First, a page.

For a variety of bad reasons, political and otherwise, some say Texas will face an insurmountable budget crisis when lawmakers meet in January. But Lt. Gov. David Dewhurst tells the Austin American Statesman that the budget hole won’t be what many have claimed.
Widely exaggerated numbers have put the projected budget shortfall at $25 billion. The widening hole theory was promoted this fall by Democratic gubernatorial candidate Bill White (as he flailed about trying unsuccessfully to land a punch on Gov. Rick Perry), and more recently by lawmakers seeking an excuse to dig deeper into your wallet.
But Lt. Gov. Dewhurst — a strict numbers man if ever there was one — says the two-year budget gap will be far less, in the “neighborhood of 13 to 15 billion.” (That’s out of a biennial budget approaching $200 billion.)
Reminder: the projected shortfall is not the same thing as a deficit. A deficit is when you plan to spend more than you plan to bring in. Texas cannot do that, constitutionally. Instead, a projected shortfall occurs when someone wants to spend far more money than they have coming in. There are two ways to solve it: cut spending, or bring in new revenues.
Those now pitching extreme budget-shortfall numbers tend to fall into the category of revenue-seekers. They want new or expanded taxes on individuals and businesses, or they are seeking a fiscally respectable way to legalize gambling. (For the record, I really don’t support or oppose legalized gambling, per se. I do, though, find laughable the nonsensical belief gaming would magically plug the budget hole — just look at the fiscal messes found in states with larger gambling footprints than Texas.)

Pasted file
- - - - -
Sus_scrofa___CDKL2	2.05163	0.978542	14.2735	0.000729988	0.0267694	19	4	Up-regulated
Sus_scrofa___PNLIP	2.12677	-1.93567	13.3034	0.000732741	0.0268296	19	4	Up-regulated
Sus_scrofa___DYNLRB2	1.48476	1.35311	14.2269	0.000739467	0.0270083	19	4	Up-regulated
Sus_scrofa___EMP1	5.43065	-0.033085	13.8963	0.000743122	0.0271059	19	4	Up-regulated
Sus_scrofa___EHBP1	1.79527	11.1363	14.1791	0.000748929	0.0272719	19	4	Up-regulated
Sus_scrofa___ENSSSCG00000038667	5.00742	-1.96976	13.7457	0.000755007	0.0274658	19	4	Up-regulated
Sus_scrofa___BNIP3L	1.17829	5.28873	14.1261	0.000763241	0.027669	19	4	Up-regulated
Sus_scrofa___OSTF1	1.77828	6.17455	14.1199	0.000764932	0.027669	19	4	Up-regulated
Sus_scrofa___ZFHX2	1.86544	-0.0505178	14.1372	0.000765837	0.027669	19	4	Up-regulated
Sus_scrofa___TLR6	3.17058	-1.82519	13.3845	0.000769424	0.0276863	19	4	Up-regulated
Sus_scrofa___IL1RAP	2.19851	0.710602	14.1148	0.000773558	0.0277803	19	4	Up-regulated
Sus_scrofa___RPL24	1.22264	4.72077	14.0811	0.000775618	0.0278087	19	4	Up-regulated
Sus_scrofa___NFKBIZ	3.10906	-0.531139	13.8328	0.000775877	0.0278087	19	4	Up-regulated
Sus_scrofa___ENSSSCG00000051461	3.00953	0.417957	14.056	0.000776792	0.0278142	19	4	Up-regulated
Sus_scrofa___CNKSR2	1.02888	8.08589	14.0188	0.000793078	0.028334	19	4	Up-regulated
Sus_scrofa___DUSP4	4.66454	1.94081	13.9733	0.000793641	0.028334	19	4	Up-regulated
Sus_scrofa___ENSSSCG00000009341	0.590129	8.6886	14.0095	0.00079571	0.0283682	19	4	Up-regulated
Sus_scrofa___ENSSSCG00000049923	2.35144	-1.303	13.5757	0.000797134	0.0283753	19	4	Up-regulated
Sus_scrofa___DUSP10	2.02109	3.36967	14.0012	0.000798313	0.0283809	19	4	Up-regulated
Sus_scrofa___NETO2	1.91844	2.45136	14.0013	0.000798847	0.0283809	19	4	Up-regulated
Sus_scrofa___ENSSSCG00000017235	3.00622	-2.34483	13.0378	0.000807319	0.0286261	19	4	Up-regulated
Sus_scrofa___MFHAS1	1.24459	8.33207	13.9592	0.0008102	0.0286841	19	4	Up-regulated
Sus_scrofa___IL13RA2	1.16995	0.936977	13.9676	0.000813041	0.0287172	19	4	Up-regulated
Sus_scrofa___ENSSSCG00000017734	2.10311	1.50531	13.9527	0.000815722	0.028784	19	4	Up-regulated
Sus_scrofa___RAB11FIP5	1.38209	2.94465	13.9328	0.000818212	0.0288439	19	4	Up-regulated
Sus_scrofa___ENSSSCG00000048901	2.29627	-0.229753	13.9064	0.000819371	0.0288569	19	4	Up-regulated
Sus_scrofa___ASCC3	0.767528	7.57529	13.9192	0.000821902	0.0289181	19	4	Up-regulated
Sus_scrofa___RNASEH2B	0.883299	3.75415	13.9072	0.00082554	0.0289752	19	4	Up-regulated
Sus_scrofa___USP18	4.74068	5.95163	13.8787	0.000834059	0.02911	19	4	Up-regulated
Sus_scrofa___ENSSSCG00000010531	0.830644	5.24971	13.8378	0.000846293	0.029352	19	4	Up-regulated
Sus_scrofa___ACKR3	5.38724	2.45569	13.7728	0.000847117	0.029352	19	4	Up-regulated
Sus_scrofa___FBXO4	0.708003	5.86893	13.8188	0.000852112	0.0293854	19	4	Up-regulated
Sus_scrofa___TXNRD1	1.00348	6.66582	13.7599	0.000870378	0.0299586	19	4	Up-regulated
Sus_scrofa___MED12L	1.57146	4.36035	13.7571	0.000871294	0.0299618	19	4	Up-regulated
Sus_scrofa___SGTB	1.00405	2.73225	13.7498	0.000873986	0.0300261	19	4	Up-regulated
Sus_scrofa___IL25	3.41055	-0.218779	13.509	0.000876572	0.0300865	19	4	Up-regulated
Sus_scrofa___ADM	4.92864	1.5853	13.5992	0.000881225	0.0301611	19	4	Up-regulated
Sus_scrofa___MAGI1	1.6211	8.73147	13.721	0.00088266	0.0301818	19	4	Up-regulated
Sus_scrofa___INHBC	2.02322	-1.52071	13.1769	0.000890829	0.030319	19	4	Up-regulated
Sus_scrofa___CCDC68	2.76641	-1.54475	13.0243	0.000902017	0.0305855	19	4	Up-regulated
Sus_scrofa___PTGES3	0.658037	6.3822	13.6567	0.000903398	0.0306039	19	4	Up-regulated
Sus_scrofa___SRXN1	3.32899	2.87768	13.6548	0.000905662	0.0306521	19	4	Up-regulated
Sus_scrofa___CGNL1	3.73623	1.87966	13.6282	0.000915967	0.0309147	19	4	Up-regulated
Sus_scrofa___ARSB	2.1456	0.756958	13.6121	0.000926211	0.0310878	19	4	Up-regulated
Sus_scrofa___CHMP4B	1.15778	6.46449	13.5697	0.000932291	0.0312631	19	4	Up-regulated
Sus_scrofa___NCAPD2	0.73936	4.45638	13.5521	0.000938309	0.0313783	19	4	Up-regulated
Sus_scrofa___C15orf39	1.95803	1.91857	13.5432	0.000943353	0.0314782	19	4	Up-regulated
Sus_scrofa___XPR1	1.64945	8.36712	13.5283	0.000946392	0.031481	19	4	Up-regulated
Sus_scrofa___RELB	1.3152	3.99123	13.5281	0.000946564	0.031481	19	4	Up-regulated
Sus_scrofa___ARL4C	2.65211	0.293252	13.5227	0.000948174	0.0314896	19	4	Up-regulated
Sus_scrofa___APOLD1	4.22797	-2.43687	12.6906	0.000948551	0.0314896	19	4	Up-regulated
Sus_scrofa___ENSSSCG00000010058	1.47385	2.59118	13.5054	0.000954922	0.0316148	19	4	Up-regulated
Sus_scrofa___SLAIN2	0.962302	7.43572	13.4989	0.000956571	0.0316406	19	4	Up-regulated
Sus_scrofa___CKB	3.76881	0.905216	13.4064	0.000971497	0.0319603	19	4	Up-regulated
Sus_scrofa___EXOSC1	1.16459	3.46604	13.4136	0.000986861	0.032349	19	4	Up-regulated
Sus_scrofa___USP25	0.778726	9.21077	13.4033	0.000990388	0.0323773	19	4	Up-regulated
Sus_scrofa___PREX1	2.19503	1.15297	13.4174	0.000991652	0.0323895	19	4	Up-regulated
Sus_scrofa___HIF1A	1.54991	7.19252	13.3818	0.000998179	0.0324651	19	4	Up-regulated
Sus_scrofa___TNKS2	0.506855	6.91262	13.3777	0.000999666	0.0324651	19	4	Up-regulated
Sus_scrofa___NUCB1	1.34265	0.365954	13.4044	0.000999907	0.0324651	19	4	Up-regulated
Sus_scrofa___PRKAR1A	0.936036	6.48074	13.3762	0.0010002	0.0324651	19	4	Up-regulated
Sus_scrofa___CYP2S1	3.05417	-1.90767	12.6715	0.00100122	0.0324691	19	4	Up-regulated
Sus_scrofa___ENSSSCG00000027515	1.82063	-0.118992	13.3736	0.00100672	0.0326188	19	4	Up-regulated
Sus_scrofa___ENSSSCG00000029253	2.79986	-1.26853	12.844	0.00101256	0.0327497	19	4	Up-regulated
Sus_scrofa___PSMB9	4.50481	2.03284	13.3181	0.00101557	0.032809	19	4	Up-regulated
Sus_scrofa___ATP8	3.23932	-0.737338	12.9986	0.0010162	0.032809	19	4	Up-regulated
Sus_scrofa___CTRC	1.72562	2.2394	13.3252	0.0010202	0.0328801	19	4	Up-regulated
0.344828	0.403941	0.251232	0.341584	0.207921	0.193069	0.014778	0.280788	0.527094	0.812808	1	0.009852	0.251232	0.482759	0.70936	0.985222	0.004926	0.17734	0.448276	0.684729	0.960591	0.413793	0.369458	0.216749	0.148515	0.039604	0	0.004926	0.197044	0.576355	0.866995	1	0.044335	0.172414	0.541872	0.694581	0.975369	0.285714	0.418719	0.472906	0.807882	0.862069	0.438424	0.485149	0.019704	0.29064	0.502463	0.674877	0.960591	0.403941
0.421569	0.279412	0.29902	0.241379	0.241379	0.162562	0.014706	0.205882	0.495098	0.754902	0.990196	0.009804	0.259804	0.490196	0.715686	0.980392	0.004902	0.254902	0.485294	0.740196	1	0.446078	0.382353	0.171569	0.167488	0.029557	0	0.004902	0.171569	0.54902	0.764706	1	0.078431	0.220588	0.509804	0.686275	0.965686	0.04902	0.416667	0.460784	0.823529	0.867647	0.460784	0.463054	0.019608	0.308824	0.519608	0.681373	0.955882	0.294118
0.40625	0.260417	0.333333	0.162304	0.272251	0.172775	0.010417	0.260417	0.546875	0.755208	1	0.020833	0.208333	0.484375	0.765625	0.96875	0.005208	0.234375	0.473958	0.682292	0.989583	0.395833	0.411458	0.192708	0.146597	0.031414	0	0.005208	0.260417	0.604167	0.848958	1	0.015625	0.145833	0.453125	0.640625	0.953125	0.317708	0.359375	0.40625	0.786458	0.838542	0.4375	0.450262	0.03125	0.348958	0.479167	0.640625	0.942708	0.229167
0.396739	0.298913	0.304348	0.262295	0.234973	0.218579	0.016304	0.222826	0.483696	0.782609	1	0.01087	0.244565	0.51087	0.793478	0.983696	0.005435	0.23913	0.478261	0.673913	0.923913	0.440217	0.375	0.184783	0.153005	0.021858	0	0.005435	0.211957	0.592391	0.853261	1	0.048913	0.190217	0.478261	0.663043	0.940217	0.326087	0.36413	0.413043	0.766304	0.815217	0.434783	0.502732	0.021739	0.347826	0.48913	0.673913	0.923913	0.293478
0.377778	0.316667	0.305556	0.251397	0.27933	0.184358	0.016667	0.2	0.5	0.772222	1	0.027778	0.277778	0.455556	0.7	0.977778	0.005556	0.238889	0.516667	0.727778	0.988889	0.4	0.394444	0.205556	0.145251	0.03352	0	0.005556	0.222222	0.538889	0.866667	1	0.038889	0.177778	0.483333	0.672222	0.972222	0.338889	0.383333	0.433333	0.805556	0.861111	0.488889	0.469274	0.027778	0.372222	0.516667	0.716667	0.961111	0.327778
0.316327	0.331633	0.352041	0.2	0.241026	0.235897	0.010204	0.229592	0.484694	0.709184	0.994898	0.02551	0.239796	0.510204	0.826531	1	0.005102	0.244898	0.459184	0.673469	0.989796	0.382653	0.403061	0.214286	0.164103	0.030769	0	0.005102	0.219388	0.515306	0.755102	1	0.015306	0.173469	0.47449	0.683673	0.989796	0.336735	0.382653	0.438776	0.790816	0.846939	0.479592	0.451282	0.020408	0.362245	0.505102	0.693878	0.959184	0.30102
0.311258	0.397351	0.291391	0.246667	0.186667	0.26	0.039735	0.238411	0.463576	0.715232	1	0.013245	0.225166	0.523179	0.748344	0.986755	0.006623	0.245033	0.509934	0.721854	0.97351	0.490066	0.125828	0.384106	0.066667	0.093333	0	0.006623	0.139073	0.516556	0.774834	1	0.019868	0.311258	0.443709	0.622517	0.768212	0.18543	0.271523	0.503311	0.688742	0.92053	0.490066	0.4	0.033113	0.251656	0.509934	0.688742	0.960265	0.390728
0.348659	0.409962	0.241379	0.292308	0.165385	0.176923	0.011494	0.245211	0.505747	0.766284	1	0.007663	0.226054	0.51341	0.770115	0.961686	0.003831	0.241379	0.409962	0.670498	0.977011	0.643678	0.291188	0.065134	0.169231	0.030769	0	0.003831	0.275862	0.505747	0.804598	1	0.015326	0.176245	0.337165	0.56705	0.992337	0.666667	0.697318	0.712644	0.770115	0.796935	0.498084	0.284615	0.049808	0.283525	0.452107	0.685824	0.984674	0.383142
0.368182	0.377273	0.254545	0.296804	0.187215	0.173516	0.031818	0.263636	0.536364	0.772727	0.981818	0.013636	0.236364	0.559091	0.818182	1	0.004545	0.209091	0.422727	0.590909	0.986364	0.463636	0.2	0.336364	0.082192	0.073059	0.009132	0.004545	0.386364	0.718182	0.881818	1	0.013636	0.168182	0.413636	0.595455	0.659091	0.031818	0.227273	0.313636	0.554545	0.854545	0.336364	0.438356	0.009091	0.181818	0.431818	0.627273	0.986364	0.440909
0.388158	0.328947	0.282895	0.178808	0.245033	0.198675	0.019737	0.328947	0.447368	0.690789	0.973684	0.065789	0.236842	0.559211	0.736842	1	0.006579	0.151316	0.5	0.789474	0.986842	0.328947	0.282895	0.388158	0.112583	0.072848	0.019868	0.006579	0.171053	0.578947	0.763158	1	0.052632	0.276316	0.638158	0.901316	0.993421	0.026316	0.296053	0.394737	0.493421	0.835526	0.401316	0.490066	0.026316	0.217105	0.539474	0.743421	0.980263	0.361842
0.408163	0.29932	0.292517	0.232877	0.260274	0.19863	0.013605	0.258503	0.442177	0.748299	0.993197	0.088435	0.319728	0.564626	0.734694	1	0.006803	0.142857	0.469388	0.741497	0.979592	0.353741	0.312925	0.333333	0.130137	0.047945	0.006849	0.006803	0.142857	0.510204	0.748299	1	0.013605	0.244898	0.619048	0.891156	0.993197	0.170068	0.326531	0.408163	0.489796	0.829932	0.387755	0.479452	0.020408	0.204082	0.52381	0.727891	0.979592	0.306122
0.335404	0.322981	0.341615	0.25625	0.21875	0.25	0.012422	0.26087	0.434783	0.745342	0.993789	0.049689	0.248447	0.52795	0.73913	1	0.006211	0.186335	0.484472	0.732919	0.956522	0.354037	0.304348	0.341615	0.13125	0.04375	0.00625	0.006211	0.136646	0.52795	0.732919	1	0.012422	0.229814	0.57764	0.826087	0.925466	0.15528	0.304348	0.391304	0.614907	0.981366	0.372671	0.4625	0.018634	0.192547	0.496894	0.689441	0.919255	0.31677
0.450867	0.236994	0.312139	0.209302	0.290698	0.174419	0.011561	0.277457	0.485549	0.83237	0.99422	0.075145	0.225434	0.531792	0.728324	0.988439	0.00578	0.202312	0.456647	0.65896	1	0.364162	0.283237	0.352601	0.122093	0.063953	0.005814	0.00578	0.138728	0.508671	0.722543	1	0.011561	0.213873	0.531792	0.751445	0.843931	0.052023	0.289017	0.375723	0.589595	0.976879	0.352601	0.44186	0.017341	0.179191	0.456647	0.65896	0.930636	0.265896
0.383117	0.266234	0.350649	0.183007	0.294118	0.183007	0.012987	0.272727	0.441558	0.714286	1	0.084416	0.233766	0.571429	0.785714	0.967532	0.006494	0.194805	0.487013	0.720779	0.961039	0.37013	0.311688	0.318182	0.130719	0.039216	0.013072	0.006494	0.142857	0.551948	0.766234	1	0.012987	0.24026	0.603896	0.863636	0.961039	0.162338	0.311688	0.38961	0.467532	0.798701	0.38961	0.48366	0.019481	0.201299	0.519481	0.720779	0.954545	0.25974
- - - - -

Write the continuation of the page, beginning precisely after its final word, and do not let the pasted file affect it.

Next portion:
Mr. Dewhurst says that the projected shortfall can be seen “somewhat as a brother or sister to the 2003 session, in which we ended up spending a little less than we did the previous biennium, shifting funds from non-essential to essential programs but holding spending down.”
Keeping government spending under control is always the key to ensuring a free economy. Those who would seek new tax revenues — like House Ways & Means Committee chairman Rene Oliveira (D-Brownsville) — shackle the economy not only with fewer resources to create and innovate, but an additional burden to bear.
The calm, right-thinking approach of Lt. Gov. Dewhurst is the one that will best serve the interests of Texas.